Today’s hero’s journey is Mulan, a Disney character from the movie by the same name. She disguises herself as a man in the army in order to save her father from being hurt.
Mulan learns many things on her journey, most meaningful being that family is more important than anything. She saves the Emperor and brings honor to her family.
Read her journey here!
Posted by stephenkessel on May 15, 2008
With Mother’s Day in mind, our Hero’s Journey of this week will be Helen Parr, otherwise known as Elastigirl and Mrs. Incredible.
Mrs. Incredible can stretch every part of her body and is extremely flexible. She marries Mr. Incredible right before the government makes all the superheroes go into hiding. They have three children: Violet, Dash, and Jack-Jack.
She is an amazing mother and cares for her children very much and helps save her husband when he gets capture by Syndrome.
Here is her hero’s journey!
Posted by stephenkessel on May 8, 2008
Well, tonight’s the night I’m going to see Iron Man. After I see the movie, I will write up the hero’s journey for Tony Stark (a.k.a. Iron Man) and post it in here.
Read his journey here!
Posted by stephenkessel on May 1, 2008
I just remembered that I missed a heroic story from Friday, so here it is!
Brooke Garcia is a senior from Idaho. In the late evening one night, she was merging onto the freeway and noticed that an SUV was going a little too fast and suddenly flipped over. She stopped her car right away to try to help the people inside and couldn’t open the doors of the car.
When the engine burst into flames, she didn’t panic. She broke the windows with her elbow and saved the toddler who was trapped within the smoke.
Read more about her amazing story here!
Posted by stephenkessel on April 13, 2008
We have another story of heroism, this time it’s a 4 year old girl from Utah. When she heard her mom cry for help, she saw that her mom fell down the stairs and was unconscious. She immediately called 911 for help and saved her mom.
Read more about her story here!
Posted by stephenkessel on April 13, 2008
63 years ago this Friday, Franklin Delano Roosevelt died of a massive stroke in Warm Springs, Georgia.
FDR was our 32nd president and served for a record four terms! He was also crippled with Polio, a disease which can leave the legs of paralyzed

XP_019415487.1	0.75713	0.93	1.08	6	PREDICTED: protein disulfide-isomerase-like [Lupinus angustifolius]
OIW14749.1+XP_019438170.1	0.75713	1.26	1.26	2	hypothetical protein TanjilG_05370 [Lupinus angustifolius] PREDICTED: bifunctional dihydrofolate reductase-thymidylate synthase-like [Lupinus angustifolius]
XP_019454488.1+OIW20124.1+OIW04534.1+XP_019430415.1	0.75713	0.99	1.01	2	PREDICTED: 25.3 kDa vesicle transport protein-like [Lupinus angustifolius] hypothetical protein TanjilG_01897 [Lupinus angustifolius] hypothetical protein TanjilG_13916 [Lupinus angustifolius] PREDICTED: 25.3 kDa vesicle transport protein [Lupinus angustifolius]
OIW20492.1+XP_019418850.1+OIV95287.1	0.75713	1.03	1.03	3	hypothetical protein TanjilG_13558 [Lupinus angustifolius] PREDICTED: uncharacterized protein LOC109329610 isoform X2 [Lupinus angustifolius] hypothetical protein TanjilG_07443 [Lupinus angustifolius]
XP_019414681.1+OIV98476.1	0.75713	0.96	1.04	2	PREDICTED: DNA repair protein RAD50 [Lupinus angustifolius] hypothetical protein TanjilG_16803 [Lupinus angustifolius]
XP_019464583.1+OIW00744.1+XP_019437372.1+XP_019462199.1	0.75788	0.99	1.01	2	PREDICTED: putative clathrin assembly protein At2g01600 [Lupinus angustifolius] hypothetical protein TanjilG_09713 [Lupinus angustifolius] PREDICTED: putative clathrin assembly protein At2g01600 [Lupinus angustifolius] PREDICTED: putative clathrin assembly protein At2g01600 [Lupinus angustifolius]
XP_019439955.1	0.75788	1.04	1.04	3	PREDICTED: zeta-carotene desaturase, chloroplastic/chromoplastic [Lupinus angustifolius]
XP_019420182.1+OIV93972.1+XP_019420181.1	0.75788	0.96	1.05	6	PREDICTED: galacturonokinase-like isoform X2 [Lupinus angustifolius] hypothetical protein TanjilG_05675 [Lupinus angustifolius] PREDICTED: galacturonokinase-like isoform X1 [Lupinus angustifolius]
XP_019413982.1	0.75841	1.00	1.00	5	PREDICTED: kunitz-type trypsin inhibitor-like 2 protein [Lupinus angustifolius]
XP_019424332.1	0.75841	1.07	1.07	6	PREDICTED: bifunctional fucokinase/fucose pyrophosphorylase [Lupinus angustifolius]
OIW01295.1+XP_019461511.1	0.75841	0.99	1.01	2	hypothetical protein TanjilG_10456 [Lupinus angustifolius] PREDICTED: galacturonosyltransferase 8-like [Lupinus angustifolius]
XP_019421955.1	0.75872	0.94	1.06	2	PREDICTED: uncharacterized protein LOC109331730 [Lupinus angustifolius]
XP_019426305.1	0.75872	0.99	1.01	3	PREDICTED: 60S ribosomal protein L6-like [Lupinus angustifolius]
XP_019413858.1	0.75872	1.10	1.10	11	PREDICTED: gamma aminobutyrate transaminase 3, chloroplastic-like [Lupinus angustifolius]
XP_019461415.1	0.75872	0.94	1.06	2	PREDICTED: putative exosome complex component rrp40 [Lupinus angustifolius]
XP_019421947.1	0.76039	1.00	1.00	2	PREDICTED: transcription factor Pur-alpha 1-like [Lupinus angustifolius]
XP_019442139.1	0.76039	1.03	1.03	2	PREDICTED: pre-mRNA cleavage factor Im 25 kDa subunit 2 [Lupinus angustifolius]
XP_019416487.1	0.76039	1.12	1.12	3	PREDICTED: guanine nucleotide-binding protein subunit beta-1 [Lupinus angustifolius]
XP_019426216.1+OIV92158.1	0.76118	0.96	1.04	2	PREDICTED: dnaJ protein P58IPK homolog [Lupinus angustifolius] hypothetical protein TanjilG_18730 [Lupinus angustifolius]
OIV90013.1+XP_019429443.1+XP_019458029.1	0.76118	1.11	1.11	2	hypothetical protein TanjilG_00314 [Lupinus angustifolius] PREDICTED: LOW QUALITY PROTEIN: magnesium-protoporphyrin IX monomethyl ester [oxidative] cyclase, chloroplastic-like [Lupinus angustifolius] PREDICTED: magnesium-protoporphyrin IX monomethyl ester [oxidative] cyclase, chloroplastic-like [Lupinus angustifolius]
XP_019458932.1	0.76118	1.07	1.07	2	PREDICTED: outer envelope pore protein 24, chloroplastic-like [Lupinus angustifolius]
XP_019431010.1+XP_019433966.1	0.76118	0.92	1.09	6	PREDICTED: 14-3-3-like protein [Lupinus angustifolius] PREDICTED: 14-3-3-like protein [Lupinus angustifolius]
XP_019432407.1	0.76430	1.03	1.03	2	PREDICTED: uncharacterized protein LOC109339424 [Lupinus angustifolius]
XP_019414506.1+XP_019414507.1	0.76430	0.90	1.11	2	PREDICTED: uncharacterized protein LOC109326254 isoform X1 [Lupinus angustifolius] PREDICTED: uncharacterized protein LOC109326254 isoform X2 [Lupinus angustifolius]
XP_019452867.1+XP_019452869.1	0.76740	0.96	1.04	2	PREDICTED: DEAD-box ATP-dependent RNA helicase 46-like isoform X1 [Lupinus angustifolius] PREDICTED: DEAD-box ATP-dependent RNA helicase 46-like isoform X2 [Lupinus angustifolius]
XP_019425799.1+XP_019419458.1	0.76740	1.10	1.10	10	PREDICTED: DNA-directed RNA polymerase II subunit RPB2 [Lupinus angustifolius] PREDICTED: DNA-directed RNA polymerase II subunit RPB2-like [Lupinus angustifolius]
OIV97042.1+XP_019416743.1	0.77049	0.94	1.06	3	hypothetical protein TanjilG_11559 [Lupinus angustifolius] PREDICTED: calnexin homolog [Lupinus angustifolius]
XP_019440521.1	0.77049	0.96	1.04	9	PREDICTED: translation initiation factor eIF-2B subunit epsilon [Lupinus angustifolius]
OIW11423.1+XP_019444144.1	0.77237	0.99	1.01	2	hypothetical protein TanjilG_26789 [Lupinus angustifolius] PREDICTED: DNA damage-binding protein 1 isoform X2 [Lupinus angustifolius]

He even helped establish and direct the National Foundation for Infantile Paralysis, now known as the March of Dimes. This organization’s main goal was to help improve the health of babies. He also helped fund research and the organization eventually found a vaccine for Polio.
Franklin Delano Roosevelt is considered widely by historians as one of the three best presidents the United States has ever had. Even though he tried to keep his disease from public knowledge, he still went through an incredibly difficult experience dealing with Polio. He can be admired as a hero to those who have debilitating diseases.
You can read his hero profile here.
Also, if you have anything to add about FDR or have any questions, please feel very free to comment!
Posted by stephenkessel on April 7, 2008
This week’s event in heroism is the successful completion of Martin Luther King Jr’s third march in Alabama from Selma to Montgomery. The goal of the marches was to reach Governor George Wallace and get his attention towards the injustice Blacks were getting in Selma.
The members of the march walked 54 miles from March 21st through to the 25th. At the end of the march, King delivered his “How Long, Not Long” speech over 25,000 people. King spoke of how important their non-violent protests were to the cause.
Within 5 months of the march, President Lyndon Johnson signed the Voting Rights Act of 1965 which was, at the time, a landmark in the civil rights movement.
Posted by stephenkessel on March 24, 2008
I have a sad but heroic story for everyone.
While Hayden Waller, age 12, was on his first skiing trip, he had to make a split second decision to save his friend. In doing so, he ended up losing his own life.
Even though this is a sad story it shows how amazing anyone can be if they only choose to be. People like Hayden do amazing and heroic things like this because they practice doing the little things everyday; opening doors for people, returning a dropped wallet, and saying please and thank you are only a small portion of what everyone can accomplish daily.
Read the full story here.
- What would you do in a situation like that?
- Do you practice little acts of heroism everyday?
Posted by stephenkessel on February 20, 2008
It’s time for another Mythical Monday post! Today’s mythical hero is Heracles. Now I’m sure a lot of you are wondering if I made a mistake with that name, but don’t worry…I didn’t!
Hercules is the name that probably a lot of people would recognize before Heracles. They’re basically the same person except that Hercules is from Roman mythology and Heracles is from Greek mythology.
I will be writing another post soon about the differences between the Heracles of legend and Disney’s Hercules. But for now, click here if you want to know more about the legend.
Please comment on this post if you have information to add about Heracles or if you want to start a discussion about him.
Or, if you have a favorite mythological hero that you want to see featured on a Mythical Monday, just drop a comment in the box!
Posted by stephenkessel on February 11, 2008
Here’s another story of a young boy doing something heroic.
Dylan, an 8-year-old hockey player was at a hotel with his parents and saw a little girl in a hot tub. His friend said she was just playing, but Dylan instinctively jumped in the hot tub and saved the 2-year-old from drowning.
You can read more about the story here.
This type of story just goes to show that it doesn’t matter how small or how young we are…every last one of us can be a hero.
Posted by stephenkessel on January 5, 2008